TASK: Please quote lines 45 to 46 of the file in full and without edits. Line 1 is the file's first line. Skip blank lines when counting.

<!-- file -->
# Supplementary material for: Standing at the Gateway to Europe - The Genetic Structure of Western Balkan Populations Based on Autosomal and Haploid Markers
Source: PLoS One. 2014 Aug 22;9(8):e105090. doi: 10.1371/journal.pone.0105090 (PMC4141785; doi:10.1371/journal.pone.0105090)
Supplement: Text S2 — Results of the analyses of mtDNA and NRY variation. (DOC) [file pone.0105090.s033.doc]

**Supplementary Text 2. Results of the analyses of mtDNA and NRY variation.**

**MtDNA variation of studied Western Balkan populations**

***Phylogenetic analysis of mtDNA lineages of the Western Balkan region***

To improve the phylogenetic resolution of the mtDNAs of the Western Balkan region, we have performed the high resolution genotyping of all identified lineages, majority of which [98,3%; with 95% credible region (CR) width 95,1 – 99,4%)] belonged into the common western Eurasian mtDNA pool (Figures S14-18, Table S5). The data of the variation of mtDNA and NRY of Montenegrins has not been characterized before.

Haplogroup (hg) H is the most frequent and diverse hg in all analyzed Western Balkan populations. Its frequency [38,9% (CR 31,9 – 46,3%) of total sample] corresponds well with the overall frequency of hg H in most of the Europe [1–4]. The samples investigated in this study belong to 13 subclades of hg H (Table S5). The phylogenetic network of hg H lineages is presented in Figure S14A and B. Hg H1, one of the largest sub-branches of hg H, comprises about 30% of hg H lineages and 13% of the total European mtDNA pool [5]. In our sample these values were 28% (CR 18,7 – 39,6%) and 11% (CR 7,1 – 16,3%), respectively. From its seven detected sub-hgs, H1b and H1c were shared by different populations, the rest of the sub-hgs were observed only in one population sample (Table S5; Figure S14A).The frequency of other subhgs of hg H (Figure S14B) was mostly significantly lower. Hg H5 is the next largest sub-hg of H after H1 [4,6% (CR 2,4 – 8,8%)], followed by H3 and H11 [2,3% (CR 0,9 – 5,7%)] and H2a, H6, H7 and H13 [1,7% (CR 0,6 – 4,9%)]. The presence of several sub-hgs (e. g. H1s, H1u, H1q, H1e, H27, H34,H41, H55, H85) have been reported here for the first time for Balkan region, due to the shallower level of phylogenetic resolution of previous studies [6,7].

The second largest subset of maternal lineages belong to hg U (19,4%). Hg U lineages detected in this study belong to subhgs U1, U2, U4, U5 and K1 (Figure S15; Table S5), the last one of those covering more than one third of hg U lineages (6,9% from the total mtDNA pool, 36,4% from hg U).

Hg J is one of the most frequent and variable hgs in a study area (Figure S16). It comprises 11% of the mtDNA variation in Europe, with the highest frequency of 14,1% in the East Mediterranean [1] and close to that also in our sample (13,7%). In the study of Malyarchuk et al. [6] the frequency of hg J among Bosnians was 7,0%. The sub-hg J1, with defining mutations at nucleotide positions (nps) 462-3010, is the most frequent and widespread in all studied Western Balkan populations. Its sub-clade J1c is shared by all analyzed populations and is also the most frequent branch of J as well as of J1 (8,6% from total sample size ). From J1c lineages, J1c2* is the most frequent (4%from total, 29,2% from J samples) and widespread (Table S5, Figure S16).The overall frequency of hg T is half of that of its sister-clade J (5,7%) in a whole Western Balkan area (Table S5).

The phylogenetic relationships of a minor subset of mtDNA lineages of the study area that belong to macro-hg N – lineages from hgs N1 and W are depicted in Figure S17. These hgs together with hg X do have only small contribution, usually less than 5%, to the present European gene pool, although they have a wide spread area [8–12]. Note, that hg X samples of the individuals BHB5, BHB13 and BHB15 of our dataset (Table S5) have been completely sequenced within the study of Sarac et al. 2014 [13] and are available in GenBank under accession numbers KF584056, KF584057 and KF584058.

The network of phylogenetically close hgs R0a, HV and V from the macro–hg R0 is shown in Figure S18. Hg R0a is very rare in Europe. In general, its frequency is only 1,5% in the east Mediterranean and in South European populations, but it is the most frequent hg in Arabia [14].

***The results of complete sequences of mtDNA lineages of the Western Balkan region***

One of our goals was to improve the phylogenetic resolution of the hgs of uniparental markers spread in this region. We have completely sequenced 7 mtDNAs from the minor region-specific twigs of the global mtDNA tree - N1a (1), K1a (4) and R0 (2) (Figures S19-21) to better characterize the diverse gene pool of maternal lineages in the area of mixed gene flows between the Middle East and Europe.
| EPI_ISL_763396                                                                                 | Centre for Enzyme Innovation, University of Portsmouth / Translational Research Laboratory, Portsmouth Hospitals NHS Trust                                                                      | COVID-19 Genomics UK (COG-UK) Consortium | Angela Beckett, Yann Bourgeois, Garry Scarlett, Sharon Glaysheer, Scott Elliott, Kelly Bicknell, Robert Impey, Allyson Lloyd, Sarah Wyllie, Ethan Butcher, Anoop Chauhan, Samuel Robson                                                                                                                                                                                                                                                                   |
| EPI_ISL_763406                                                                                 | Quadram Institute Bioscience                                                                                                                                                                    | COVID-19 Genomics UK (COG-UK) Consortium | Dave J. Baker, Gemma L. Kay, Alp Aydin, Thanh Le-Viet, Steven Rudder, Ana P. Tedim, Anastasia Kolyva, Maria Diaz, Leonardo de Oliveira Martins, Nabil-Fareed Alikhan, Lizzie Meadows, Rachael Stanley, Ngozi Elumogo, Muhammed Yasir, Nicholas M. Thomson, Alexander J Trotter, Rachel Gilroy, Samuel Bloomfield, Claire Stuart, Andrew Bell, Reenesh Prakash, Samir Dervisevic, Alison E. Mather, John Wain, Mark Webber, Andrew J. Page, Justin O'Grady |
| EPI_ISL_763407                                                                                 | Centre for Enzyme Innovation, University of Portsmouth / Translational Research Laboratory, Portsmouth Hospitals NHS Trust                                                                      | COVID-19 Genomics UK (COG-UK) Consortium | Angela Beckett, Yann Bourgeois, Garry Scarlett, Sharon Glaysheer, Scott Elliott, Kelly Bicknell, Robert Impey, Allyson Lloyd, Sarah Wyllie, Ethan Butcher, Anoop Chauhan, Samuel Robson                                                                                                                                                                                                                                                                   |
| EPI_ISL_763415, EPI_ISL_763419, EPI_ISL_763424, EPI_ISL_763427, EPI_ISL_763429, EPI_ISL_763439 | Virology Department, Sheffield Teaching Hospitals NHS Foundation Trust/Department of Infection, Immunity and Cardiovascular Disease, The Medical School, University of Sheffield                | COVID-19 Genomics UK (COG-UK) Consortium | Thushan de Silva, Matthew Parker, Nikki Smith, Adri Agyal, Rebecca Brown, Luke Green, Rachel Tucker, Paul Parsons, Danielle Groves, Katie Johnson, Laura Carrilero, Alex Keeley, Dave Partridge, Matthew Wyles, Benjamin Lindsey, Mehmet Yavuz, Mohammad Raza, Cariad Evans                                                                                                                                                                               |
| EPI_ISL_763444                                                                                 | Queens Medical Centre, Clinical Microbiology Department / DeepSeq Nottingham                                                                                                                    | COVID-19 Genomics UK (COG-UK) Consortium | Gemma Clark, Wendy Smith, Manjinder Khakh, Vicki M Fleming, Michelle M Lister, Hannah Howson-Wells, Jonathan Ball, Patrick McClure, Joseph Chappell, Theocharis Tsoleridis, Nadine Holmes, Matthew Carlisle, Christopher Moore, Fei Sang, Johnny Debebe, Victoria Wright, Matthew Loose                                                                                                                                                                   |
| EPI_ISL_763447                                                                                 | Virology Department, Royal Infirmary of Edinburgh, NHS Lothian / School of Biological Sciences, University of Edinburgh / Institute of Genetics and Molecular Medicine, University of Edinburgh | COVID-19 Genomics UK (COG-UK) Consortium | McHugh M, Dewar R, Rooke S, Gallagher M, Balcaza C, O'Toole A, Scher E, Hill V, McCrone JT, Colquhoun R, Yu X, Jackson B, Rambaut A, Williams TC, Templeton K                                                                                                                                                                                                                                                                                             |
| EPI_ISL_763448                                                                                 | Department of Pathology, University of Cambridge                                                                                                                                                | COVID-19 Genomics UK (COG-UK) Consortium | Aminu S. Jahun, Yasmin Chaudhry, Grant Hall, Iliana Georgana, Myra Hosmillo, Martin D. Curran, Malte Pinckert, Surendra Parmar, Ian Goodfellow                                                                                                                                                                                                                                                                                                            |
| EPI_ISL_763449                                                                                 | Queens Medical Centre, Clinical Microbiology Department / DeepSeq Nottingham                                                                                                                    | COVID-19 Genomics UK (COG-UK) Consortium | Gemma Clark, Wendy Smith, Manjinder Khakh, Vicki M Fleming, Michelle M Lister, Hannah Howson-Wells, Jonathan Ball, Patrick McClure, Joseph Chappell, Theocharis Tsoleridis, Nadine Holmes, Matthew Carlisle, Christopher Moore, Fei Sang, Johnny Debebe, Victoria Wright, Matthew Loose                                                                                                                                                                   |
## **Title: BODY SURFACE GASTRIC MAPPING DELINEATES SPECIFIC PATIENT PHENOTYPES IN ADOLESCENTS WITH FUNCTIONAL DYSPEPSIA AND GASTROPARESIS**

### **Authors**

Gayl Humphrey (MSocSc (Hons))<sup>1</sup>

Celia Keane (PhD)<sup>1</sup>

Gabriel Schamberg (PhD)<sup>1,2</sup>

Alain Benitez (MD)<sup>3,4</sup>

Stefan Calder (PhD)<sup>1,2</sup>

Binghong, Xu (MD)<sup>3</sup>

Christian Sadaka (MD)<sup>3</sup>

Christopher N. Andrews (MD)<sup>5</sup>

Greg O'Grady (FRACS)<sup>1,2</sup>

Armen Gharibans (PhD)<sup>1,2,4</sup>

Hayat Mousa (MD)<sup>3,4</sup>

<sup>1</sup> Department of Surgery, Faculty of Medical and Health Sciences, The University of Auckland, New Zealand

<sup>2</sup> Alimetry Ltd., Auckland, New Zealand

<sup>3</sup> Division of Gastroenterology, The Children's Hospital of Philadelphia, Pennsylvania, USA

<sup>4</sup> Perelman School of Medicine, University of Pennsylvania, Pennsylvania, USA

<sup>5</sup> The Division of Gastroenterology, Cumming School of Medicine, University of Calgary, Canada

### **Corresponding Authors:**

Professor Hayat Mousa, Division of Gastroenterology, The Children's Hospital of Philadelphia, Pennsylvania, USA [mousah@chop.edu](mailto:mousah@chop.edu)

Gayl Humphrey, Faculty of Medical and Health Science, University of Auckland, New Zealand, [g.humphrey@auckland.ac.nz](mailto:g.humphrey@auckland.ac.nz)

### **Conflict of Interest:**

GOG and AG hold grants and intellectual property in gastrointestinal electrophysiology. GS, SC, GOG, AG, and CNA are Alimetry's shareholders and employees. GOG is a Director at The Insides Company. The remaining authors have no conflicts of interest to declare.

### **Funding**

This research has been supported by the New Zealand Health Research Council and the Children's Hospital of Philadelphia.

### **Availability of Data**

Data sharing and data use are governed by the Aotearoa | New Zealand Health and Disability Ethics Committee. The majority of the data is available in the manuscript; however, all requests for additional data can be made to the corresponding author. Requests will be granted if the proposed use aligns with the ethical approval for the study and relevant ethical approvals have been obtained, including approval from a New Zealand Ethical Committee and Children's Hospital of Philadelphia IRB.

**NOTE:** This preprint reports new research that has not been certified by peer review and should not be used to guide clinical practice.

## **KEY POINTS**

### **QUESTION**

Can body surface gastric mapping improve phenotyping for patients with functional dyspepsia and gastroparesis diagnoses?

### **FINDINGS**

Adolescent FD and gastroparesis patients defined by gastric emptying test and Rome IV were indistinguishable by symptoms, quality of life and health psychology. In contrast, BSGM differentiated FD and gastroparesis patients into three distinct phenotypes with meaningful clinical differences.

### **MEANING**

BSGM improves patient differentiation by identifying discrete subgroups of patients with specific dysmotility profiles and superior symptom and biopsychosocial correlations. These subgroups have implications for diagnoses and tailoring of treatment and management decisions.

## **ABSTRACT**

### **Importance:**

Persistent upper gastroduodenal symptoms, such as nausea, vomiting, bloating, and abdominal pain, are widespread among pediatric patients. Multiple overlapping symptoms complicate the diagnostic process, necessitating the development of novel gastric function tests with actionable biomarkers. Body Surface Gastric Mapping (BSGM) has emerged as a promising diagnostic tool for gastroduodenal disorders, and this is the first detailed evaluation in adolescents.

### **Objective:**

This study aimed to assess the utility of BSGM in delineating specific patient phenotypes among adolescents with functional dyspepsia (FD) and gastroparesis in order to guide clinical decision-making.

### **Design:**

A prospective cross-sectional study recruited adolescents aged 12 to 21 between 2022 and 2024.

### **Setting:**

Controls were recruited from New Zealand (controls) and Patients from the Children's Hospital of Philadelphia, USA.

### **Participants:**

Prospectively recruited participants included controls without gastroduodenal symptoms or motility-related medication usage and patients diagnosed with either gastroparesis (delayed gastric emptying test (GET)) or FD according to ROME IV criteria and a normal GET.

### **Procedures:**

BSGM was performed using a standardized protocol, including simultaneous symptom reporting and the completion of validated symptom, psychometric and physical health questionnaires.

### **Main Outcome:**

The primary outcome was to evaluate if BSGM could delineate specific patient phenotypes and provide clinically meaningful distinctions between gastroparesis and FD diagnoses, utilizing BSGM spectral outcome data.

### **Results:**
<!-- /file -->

GOG and AG hold grants and intellectual property in gastrointestinal electrophysiology. GS, SC, GOG, AG, and CNA are Alimetry's shareholders and employees. GOG is a Director at The Insides Company. The remaining authors have no conflicts of interest to declare.

### **Funding**